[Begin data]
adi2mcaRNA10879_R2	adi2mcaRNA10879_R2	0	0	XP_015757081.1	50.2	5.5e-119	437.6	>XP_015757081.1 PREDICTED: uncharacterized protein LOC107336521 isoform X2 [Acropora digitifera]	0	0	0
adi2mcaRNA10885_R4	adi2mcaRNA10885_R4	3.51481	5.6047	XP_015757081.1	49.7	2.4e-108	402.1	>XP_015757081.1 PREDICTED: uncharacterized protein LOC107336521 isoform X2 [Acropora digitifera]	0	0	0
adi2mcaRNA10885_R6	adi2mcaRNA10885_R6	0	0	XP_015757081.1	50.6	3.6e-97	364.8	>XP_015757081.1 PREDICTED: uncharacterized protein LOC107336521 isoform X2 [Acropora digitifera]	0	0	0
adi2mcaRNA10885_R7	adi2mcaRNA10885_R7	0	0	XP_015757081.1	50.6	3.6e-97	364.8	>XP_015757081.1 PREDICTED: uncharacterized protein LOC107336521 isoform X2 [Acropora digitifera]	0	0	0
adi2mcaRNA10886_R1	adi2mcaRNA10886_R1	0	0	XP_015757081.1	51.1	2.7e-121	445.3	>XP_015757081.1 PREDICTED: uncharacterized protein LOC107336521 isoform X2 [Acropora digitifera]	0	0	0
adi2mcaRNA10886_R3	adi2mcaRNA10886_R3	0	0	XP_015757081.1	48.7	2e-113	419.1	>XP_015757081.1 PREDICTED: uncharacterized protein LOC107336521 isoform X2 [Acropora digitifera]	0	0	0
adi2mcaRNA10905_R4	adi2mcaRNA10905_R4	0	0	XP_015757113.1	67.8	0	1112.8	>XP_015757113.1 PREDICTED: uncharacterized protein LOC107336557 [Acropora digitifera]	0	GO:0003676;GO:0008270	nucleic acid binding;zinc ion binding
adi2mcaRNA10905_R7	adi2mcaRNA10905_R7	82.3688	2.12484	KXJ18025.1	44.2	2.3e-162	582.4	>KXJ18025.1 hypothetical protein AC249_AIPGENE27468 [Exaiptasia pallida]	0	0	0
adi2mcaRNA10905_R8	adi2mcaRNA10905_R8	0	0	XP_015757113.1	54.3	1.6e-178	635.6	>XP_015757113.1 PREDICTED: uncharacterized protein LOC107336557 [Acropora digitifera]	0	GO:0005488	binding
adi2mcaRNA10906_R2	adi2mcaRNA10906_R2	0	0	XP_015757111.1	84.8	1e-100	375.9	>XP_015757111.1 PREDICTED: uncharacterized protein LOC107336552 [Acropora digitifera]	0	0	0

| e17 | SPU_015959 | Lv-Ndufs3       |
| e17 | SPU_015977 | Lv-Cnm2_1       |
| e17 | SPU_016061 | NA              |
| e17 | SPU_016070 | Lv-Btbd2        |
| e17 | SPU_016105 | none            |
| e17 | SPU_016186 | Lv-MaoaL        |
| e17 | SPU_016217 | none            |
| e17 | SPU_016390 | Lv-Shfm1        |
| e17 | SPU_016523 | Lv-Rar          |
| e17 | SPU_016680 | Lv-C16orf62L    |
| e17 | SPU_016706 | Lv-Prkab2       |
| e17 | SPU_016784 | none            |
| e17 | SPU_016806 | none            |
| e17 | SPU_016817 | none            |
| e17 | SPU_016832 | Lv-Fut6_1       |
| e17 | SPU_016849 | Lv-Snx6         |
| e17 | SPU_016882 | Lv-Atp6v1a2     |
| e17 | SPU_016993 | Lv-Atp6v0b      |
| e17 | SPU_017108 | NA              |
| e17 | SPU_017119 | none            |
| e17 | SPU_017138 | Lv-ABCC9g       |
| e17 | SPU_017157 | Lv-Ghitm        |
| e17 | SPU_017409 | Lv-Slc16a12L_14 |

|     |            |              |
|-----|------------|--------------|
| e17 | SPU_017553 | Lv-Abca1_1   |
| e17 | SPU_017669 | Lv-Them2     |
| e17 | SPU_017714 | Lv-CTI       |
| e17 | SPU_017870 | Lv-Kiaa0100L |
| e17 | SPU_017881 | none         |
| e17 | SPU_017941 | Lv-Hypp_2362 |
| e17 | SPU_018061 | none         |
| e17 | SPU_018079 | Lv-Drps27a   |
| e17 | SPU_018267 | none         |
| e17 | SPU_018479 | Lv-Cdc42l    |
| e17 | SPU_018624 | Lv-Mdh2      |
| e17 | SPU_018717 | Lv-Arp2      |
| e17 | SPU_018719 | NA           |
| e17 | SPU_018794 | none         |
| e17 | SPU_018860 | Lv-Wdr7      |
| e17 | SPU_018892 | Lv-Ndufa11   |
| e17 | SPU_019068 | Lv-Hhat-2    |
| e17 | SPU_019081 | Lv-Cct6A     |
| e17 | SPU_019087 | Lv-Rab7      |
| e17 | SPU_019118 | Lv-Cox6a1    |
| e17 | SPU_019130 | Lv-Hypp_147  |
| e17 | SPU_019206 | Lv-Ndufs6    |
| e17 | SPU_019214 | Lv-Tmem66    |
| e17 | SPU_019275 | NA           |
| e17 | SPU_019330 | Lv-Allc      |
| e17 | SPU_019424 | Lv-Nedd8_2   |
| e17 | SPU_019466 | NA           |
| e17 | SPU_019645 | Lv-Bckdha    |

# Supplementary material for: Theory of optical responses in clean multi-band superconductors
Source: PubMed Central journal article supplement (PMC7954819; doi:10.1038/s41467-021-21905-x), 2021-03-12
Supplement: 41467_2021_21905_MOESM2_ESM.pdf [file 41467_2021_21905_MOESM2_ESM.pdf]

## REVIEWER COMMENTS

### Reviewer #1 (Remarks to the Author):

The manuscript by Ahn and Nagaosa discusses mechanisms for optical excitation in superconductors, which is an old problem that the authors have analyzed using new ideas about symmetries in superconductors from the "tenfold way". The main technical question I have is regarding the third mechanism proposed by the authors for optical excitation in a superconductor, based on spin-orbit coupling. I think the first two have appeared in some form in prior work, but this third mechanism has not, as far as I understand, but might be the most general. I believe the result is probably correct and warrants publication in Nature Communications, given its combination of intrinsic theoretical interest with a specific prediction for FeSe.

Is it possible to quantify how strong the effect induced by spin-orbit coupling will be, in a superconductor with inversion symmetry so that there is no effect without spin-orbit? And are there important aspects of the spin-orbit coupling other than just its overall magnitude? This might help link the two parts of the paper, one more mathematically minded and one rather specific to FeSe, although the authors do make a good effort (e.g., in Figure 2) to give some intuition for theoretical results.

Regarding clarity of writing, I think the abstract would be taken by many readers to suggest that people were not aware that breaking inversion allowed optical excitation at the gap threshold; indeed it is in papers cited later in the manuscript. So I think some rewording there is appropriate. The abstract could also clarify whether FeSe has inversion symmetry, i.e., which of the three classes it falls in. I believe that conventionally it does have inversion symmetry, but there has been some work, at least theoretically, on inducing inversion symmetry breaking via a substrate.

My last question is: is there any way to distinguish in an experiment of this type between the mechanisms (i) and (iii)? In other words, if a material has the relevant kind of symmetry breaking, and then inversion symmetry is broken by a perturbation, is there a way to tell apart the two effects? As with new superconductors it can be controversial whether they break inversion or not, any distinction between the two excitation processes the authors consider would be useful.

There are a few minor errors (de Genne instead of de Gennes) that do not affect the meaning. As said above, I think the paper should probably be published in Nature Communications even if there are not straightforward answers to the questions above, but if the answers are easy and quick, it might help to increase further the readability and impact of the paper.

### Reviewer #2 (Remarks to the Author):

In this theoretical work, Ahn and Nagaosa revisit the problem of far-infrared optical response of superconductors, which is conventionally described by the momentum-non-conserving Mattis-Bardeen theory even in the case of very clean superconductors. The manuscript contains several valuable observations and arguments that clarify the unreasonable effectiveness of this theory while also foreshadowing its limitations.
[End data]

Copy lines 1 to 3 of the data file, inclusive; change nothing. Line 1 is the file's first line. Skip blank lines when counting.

adi2mcaRNA10879_R2	adi2mcaRNA10879_R2	0	0	XP_015757081.1	50.2	5.5e-119	437.6	>XP_015757081.1 PREDICTED: uncharacterized protein LOC107336521 isoform X2 [Acropora digitifera]	0	0	0
adi2mcaRNA10885_R4	adi2mcaRNA10885_R4	3.51481	5.6047	XP_015757081.1	49.7	2.4e-108	402.1	>XP_015757081.1 PREDICTED: uncharacterized protein LOC107336521 isoform X2 [Acropora digitifera]	0	0	0
adi2mcaRNA10885_R6	adi2mcaRNA10885_R6	0	0	XP_015757081.1	50.6	3.6e-97	364.8	>XP_015757081.1 PREDICTED: uncharacterized protein LOC107336521 isoform X2 [Acropora digitifera]	0	0	0